Hence, primary care appointments have become synonymous with longer wait times and fewer available appointments, and more often than not, people wait until the severity of their health condition outweighs the burden of obtaining care. The result is simply supply and demand.
Barrier 2: "It's Expensive."
Lack of affordability represents an all-too common barrier to care. Various financial obstacles frequently deter patients from obtaining medical services. These include:
- High employee out-of-pocket costs
- The rising prices of prescriptions, x-rays, and other medical services
- Cost of transportation (gas, public transit, etc.)
- Loss of PTO or houry wage due to leaving work in order to obtain care
- Deductibles and copays are often too high
Although these short-term costs seem inordinately expensive, people often lack foresight regarding the long-term costs of neglecting their health, both for themselves and for their employers. When people avoid primary care services, they fail to benefit from preventive services that could help them take control of their health and stabilize a chronic condition before it escalates into a costly claim. According to Milken Institute research, employees suffering from the seven most common chronic conditions will cost US employers $4.2 trillion in 2023 (2).
In an ideal world, informing everyone of this would encourage people to seek primary care and take control of their health. Unfortunately, it's not that simple. Many people simply cannot afford the short-term price of care.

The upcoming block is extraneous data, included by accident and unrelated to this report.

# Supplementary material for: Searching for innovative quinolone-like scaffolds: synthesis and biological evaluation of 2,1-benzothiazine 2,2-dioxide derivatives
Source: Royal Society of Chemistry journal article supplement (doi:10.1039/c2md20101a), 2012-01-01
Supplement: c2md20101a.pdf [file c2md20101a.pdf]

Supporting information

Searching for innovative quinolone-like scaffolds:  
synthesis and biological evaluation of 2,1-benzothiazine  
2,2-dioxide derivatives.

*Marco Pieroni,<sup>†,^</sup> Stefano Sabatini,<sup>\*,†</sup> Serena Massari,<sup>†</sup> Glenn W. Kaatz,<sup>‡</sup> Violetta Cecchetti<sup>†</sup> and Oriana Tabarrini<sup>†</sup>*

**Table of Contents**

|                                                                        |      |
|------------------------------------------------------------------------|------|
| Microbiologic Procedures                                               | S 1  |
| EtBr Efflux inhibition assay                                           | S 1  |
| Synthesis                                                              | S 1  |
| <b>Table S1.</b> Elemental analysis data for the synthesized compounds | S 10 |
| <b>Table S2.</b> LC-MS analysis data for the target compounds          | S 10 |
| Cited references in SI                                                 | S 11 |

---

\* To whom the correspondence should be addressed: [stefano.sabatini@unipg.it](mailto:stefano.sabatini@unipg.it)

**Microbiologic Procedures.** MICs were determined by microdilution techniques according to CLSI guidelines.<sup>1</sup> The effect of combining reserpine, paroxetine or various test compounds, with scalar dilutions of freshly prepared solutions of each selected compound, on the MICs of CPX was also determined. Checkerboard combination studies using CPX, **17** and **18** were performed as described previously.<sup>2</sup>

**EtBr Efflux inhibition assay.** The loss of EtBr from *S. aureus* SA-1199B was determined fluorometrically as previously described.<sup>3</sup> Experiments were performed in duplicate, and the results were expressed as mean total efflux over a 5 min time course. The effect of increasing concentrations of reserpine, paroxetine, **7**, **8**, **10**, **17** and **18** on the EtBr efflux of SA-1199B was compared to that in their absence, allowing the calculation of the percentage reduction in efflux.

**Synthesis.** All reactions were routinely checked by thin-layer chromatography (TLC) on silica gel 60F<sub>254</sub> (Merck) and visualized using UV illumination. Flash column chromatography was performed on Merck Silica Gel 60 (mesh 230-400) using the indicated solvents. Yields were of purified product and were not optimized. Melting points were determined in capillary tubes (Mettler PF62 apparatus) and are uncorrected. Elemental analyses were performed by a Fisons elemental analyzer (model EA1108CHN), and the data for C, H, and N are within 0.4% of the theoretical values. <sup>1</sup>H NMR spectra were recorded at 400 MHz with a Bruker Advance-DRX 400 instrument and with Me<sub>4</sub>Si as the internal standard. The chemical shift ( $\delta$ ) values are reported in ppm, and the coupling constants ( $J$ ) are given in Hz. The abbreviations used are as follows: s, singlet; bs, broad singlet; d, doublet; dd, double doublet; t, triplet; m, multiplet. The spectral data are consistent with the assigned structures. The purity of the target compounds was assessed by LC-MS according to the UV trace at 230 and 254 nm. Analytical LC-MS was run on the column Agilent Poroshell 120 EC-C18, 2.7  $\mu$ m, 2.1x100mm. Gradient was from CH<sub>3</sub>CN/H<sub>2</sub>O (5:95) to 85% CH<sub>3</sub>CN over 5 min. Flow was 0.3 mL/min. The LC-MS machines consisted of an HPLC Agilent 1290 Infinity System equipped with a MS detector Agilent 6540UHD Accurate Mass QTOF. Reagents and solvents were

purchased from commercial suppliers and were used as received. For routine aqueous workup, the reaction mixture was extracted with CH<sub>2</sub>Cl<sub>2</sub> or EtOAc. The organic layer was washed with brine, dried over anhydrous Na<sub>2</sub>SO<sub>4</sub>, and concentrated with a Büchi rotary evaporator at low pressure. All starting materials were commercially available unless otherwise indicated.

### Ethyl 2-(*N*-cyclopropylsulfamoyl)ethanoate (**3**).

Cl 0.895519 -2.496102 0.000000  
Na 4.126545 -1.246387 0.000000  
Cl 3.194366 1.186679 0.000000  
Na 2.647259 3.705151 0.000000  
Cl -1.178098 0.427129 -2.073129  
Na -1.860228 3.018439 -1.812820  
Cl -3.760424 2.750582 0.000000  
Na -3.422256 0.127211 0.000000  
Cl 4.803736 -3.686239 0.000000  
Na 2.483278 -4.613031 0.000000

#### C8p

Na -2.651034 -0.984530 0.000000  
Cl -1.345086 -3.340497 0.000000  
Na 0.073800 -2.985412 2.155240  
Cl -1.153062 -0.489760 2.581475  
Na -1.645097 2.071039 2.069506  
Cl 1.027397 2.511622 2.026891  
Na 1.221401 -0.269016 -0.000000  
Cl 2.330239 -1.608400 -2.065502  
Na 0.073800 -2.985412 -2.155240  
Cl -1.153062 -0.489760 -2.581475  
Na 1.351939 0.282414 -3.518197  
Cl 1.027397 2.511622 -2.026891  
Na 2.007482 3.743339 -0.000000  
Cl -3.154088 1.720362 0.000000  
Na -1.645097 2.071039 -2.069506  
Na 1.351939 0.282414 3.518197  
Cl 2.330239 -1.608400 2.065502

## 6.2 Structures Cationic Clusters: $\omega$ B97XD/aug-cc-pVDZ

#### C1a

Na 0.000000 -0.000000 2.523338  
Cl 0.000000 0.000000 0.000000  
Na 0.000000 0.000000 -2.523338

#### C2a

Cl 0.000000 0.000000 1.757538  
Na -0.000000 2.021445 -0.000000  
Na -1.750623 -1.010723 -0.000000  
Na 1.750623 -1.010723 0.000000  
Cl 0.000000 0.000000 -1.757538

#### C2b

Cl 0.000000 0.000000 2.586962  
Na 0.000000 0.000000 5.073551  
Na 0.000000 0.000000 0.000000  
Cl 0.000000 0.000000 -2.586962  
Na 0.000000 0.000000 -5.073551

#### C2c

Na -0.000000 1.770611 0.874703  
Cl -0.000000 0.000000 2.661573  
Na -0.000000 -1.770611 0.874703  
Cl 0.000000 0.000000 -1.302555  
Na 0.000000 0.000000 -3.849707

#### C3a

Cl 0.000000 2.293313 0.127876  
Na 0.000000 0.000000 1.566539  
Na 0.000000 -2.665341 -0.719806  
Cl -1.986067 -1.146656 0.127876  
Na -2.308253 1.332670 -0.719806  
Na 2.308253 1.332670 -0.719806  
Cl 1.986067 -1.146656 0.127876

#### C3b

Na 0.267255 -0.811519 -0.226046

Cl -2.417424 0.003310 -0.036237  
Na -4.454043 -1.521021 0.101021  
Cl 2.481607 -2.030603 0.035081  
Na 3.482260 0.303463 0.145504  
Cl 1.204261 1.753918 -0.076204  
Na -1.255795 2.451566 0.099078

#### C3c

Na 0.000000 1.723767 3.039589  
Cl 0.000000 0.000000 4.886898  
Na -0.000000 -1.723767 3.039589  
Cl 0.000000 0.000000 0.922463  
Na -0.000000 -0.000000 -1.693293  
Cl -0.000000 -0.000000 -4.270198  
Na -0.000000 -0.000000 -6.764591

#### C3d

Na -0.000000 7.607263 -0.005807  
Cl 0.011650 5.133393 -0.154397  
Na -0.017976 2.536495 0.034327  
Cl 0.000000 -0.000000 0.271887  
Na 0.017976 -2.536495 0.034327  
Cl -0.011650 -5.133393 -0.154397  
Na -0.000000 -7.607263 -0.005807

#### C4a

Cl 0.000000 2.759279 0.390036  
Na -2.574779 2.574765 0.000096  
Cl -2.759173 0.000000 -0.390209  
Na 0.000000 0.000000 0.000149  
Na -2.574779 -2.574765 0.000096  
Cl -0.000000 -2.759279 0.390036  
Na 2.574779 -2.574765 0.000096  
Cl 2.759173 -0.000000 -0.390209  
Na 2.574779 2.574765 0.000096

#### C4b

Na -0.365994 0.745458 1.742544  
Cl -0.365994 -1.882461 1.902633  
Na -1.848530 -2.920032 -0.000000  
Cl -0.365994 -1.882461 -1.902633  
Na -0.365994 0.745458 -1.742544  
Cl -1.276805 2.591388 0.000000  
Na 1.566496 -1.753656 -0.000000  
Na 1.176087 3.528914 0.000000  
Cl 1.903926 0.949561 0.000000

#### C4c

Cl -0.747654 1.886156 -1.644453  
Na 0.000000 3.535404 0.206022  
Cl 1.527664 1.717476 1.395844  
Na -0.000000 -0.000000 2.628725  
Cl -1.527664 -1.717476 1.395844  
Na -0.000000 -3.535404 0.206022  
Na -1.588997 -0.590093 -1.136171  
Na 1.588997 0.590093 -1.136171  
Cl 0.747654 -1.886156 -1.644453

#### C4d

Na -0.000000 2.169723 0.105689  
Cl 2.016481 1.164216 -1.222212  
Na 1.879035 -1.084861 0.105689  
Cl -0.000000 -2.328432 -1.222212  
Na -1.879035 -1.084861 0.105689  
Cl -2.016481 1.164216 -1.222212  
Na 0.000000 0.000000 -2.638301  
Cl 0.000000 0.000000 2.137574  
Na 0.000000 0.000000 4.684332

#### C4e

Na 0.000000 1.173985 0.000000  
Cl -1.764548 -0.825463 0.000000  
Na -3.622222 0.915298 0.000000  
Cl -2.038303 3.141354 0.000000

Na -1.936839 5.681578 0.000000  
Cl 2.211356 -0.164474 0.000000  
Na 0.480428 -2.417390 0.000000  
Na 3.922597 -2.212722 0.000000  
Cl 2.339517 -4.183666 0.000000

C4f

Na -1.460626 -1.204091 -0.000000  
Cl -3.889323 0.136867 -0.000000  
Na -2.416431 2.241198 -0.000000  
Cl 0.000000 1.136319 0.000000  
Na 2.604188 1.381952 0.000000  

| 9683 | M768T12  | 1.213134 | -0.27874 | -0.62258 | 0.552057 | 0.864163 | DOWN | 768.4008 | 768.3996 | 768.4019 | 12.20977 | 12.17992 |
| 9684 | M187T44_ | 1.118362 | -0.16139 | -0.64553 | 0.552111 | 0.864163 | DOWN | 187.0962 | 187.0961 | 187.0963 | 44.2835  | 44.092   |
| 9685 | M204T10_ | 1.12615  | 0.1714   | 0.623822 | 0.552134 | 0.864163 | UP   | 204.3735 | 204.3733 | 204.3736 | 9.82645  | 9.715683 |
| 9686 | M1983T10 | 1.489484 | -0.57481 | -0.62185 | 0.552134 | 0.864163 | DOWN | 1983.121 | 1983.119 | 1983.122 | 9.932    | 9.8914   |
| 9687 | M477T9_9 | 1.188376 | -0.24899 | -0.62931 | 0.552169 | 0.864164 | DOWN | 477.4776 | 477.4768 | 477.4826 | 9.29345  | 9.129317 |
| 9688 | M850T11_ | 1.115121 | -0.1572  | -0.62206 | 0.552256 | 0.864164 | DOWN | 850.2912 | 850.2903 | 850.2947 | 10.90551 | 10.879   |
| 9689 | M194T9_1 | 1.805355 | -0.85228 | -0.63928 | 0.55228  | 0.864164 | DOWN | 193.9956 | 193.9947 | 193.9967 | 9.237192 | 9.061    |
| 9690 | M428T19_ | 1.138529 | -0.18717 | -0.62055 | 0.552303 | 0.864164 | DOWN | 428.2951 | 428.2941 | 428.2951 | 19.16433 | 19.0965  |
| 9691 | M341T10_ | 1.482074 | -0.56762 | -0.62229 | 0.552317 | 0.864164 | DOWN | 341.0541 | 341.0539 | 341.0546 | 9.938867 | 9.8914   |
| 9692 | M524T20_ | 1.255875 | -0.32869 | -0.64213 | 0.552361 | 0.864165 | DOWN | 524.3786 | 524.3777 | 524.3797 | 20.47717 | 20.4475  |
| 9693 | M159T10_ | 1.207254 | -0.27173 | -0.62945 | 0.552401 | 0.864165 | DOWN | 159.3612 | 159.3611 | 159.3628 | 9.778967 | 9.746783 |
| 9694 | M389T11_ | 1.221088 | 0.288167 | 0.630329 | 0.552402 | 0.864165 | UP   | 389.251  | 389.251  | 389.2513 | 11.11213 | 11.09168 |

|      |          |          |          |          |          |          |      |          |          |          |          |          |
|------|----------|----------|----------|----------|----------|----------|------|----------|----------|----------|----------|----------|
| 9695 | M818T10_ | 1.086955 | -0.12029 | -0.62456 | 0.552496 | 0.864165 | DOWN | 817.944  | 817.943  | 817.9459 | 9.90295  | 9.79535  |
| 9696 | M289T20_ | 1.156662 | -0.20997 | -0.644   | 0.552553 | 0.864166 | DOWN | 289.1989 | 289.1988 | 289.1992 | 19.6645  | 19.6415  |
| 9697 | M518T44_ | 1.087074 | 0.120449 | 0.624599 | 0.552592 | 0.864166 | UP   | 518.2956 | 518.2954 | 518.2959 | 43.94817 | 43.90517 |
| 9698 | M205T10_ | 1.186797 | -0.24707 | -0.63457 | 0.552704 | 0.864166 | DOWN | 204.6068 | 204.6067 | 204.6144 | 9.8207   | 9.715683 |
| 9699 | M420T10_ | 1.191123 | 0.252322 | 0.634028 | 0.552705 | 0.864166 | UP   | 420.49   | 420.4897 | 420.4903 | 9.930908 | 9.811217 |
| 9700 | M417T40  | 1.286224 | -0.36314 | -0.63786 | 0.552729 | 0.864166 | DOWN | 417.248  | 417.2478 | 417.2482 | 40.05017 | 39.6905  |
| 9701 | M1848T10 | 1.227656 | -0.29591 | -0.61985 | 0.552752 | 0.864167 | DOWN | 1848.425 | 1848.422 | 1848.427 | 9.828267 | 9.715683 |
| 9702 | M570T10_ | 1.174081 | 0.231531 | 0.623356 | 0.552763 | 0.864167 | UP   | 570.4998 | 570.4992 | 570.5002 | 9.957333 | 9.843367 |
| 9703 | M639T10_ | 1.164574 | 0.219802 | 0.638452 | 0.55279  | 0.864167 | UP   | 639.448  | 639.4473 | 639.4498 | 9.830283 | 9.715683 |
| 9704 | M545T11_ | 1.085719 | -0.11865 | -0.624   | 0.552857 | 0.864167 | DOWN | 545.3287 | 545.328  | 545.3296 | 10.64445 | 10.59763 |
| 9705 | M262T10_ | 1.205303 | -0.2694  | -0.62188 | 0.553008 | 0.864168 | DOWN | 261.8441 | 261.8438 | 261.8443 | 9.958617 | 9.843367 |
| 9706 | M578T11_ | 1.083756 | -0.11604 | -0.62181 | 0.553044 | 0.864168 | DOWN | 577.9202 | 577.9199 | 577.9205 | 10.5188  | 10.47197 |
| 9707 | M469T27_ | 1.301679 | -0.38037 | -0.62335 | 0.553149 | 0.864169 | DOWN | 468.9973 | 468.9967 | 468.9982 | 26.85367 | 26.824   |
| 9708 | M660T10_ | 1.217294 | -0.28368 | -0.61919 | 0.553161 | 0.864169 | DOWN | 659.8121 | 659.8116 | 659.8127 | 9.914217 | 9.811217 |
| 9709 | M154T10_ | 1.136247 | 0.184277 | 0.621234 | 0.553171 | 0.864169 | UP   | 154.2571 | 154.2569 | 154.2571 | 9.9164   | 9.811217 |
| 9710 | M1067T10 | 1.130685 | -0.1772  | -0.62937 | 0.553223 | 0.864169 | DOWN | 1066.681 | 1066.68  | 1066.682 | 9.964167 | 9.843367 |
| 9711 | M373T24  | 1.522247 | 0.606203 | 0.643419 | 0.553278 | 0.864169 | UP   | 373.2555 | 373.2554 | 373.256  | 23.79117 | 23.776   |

Barrier 3: "It's Confusing."
Let's be honest. America's health system is confusing! If you've ever seen James Cameron's film, Avatar, you may recall trying to decrypt that weird language the blue people used. This language, Na'vi, is essentially a cacophony of clicking, hissing, and everything else that us earthlings consider gibberish. Well, our health system can be equally as perplexing.
On principle, most people try to avoid confusing situations. A visit to the doctor can be a bewildering encounter in itself, and many people avoid seeking care for this simple reason. The most common complaints of confusion concern:
- Insurance billing
- Medical terminology
- Compliance regimens
- Conflicting or contradictory physician/specialist opinions
- Complicated technology and information systems
Put simply, the US healthcare system is a confusing jungle to navigate. Unless actions are taken to help make it easier to understand, people will continue abusing the system or neglecting care altogether.
I suppose I'm ending this post on a rather pessimistic note. I've described the 3 most common barriers to quality care, but I’ve not yet proposed any solutions. Here are three that we'll be touching on soon:
1. Improve Access
2. Reduce Costs
3. Improved Education and Awareness
To find out how employer-funded medical care and on-site medical clinics help remove these barriers, visit www.careatc.com or read more about how self-insurance might be a good first step.